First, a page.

01 September 2012

Let’s lie a little between ‘absence’ and ‘present’


One of my earliest memories is of register-marking. Grade 1. Mrs. Rajapaksa.  ‘Subash?’ she would call out and Subash Fernando would respond ‘innava’ or ‘present’.  ‘Malinda?’ she would call out next and get my ‘innava miss’ (present, madam).  ‘Rohantha (Abeysuriya)?’ was next.  It was the same until Grade 5, when the classes were mixed up and the register changed. 

Years passed and I find that life can be looked at and understood in terms of ‘present’ and ‘absent’, things that are apparent and those that are not, some because it is in character to be effusive and some because they are deliberately printed into the background.  It is about people who stand out and those who stand in, things we notice, things we take for granted, things we trivialize and things that are invisible to us. 

History is fascinating not because of what it tells us but what it does not.  Archaeology is interesting because it unearths and also leaves earthed things that are reluctant to come out shouting. 

Take a face, the first face you see after reading this. Look at the eyes. That’s the mirror of the soul, we are told. Try figuring out the number of libraries resident within those twin circles.  Try imagining the paintings that could be generated by all the colours those eyes have acquired over the years.  Now try and excavate the unsaid, the will-not-be-painted, and the lines that are smudged so the acreage of hurt and hurting cannot be ascertained.  Multiply the tortured and twisted narratives in these eyes by the number of eyes that you encounter in a day.  Now sit and figure out what kind of story the intersection of these threads could weave. 

You can have so much fun with this.  You can pick and choose which threads to use, which colours to privilege. You can pick and choose notes from all the songs that must play inside those heart-eyes to churn out a music score.  You can make a million melodies.  You can rap it, jazz it, be classical about it, scream it out or do a lullaby.  Now imagine thought as instrument.  You are going to get an orchestra.  What instruments would you privilege? 

 There’s something else you can do. You can flip the script.  You are use heavy paint on thin canvas and see what’s happened to the reverse.  You can view reverse from two inches away or two miles away.  You can let the painted side play with its poor cousin Embroidery Reverse. 

Would you rather give more voice to silence, I wonder.  How would you read the things unsaid, those poignant tales that never get written simply because sentiment cannot find words, words cannot buy voice and voice is an incompetent transliterator?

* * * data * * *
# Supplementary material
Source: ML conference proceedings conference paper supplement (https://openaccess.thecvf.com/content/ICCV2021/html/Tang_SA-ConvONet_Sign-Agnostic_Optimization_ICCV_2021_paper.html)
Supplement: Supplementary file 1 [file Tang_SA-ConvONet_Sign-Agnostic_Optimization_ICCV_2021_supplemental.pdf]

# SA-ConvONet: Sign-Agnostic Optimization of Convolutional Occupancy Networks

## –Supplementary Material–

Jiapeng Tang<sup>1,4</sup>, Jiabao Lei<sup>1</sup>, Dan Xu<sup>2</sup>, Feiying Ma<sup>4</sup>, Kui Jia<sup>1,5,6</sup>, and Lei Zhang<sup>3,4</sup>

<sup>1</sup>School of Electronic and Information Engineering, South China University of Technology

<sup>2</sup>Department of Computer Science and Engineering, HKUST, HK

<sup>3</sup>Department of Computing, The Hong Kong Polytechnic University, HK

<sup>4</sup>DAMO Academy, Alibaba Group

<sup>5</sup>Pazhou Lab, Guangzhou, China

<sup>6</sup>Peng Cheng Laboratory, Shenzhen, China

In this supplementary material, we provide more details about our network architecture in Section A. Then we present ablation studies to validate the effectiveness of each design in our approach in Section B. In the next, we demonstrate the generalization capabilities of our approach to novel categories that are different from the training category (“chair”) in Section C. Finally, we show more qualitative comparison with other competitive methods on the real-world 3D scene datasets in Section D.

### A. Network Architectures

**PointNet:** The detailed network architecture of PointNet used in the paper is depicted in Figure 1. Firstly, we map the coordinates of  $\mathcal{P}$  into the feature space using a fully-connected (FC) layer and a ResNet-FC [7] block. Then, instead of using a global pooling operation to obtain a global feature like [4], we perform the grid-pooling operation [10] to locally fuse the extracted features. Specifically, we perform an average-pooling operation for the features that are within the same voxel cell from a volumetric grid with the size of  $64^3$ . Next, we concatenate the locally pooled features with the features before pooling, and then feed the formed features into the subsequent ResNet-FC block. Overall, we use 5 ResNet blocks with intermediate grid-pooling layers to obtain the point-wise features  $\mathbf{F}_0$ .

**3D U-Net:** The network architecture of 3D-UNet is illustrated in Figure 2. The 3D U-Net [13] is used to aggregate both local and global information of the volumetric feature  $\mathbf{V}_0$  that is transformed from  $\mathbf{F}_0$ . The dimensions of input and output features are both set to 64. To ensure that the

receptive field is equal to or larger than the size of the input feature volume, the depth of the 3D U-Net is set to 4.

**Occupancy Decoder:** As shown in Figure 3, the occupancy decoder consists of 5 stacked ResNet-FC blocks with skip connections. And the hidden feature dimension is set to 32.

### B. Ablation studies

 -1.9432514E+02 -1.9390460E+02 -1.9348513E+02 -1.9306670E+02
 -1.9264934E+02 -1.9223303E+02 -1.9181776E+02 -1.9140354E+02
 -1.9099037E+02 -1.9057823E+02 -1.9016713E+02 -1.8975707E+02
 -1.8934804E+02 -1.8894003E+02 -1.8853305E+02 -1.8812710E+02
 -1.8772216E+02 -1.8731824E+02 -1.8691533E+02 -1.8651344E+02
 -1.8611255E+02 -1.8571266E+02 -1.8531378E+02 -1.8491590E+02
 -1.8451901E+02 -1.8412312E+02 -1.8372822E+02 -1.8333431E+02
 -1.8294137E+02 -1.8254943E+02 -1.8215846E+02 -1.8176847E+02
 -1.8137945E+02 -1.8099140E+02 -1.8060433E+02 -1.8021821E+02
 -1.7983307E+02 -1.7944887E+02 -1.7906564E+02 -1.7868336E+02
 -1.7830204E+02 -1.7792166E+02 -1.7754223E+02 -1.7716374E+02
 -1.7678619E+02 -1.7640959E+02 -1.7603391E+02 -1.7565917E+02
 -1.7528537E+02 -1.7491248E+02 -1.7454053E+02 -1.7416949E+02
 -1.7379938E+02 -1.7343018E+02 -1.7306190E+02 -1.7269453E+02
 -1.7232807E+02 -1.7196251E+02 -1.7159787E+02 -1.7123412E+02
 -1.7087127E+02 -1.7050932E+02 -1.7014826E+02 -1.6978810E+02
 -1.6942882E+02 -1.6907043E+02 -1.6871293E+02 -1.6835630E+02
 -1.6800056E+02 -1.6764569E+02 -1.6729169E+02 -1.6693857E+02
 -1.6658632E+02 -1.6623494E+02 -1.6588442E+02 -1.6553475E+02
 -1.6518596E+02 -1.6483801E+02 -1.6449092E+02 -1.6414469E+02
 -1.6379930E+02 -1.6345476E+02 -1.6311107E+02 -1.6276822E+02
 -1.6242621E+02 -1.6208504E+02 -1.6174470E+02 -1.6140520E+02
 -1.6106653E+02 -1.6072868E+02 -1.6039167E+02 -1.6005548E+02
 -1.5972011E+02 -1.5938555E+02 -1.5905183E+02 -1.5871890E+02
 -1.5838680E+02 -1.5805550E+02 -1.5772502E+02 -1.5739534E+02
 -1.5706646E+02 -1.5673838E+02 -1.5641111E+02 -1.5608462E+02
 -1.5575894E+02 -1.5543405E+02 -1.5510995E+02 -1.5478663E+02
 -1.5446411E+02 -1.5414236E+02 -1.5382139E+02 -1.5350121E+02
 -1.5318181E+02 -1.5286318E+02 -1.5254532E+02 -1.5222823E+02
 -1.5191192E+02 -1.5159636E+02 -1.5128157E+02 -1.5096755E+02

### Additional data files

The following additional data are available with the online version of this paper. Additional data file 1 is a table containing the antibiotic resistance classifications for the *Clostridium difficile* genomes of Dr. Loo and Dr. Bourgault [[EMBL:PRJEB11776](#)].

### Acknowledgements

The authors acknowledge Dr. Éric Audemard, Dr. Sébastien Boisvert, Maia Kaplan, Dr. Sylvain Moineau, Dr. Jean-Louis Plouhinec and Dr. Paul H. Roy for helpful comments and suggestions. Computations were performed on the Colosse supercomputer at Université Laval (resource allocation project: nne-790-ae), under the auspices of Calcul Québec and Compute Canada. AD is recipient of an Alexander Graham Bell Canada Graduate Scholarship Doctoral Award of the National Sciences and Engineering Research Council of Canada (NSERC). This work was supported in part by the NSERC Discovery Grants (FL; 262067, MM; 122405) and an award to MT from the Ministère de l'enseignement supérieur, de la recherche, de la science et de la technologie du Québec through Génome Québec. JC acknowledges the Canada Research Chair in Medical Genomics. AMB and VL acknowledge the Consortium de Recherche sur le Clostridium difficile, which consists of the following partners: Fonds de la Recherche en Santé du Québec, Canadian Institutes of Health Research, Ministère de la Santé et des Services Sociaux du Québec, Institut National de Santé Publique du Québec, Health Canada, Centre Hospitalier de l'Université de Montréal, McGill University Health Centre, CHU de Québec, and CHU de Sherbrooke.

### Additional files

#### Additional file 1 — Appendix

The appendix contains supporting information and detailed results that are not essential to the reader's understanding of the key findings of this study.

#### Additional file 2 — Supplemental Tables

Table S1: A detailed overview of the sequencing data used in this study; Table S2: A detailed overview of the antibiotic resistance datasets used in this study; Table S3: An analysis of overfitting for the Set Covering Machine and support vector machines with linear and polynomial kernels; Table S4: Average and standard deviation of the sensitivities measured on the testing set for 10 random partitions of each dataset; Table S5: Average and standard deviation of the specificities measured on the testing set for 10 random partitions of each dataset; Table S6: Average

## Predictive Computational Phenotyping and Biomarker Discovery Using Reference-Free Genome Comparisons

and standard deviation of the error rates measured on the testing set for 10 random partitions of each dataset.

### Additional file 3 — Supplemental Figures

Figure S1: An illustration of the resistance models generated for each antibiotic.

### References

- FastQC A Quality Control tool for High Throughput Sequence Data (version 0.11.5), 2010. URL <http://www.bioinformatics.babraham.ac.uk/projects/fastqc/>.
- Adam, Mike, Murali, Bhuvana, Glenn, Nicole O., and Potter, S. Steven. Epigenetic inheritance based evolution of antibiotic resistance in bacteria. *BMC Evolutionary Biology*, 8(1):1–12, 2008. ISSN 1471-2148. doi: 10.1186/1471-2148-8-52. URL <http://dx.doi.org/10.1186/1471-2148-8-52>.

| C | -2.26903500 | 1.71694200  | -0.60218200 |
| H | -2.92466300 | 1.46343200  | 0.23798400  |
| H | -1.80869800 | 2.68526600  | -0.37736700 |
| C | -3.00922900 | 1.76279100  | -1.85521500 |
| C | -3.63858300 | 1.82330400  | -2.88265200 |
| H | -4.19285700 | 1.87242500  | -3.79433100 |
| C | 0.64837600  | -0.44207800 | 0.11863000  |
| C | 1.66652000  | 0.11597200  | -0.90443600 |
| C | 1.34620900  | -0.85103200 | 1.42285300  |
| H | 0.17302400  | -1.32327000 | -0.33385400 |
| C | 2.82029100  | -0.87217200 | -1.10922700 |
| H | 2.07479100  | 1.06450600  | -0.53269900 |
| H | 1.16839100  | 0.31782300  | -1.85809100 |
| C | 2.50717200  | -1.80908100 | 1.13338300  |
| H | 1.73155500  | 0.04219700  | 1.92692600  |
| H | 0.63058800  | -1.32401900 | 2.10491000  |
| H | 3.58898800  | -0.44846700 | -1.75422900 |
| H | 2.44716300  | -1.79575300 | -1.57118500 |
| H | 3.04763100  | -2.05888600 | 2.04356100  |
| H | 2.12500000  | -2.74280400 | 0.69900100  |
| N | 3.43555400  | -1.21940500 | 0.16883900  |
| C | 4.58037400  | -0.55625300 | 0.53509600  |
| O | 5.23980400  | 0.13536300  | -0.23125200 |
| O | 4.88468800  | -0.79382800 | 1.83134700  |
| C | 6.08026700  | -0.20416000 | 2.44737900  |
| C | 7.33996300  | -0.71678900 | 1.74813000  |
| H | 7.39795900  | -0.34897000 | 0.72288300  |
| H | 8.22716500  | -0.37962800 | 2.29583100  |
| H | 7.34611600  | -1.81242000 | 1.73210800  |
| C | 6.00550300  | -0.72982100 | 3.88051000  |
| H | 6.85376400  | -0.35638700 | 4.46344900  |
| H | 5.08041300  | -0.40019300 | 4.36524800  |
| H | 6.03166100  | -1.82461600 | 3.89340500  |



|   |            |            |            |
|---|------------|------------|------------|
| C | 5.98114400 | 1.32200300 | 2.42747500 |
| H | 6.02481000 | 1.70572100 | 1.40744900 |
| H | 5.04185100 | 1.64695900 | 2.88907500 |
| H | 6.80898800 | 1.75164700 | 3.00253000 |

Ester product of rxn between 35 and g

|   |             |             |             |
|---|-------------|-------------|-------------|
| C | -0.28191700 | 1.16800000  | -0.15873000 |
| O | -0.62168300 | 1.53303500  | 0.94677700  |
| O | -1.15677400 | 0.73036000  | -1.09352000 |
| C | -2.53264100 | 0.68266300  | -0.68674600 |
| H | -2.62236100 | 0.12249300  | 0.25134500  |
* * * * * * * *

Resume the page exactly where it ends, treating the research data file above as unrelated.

What is archaeology and history then if not a collage of carefully picked ‘presents’ and deliberately left out ‘absences’ blushed with the invariable trespasser and un-coloured by the exits of the willing exile?  What is any history, any nation, any community or story if not a mix of these two elements in varying proportions?  Don’t we pick and choose what part of ourselves to ‘present’ and what to ‘absent’ all the time, depending on audience, context, objective and so on? 

Things were simple in Grade 1. Mrs. Rajapaksa called out a name and we answered ‘present’ or, if absent, someone would say ‘absent, madam’.  Now it is complicated. We try to design our preferred present-absent mix and others spice it up or rob it of flavour.  I would like the world to shut up and I would too, except for the fact that there’s nothing more infuriating at times than the cacophony of silence, the deafening presence of absence. 

It is good therefore to revisit that classroom with its short tables and chairs and walls lined with an absent-present mix of information just to hear myself breathe, just to let the incomparable music of silence wrap heart and mind in that moment sandwiched between two screams and clothed in teardrop and soured love.  We need to breathe now and then, I feel, and the only place this is possible sometimes is the space that the intersection of present and absent yields, made up of both and neither.   


Reactions:

2 comments:

SANDIKA said...

'Innawa sir' 'Present sir' .............. :)

teddy said...

Innawaaa Miss...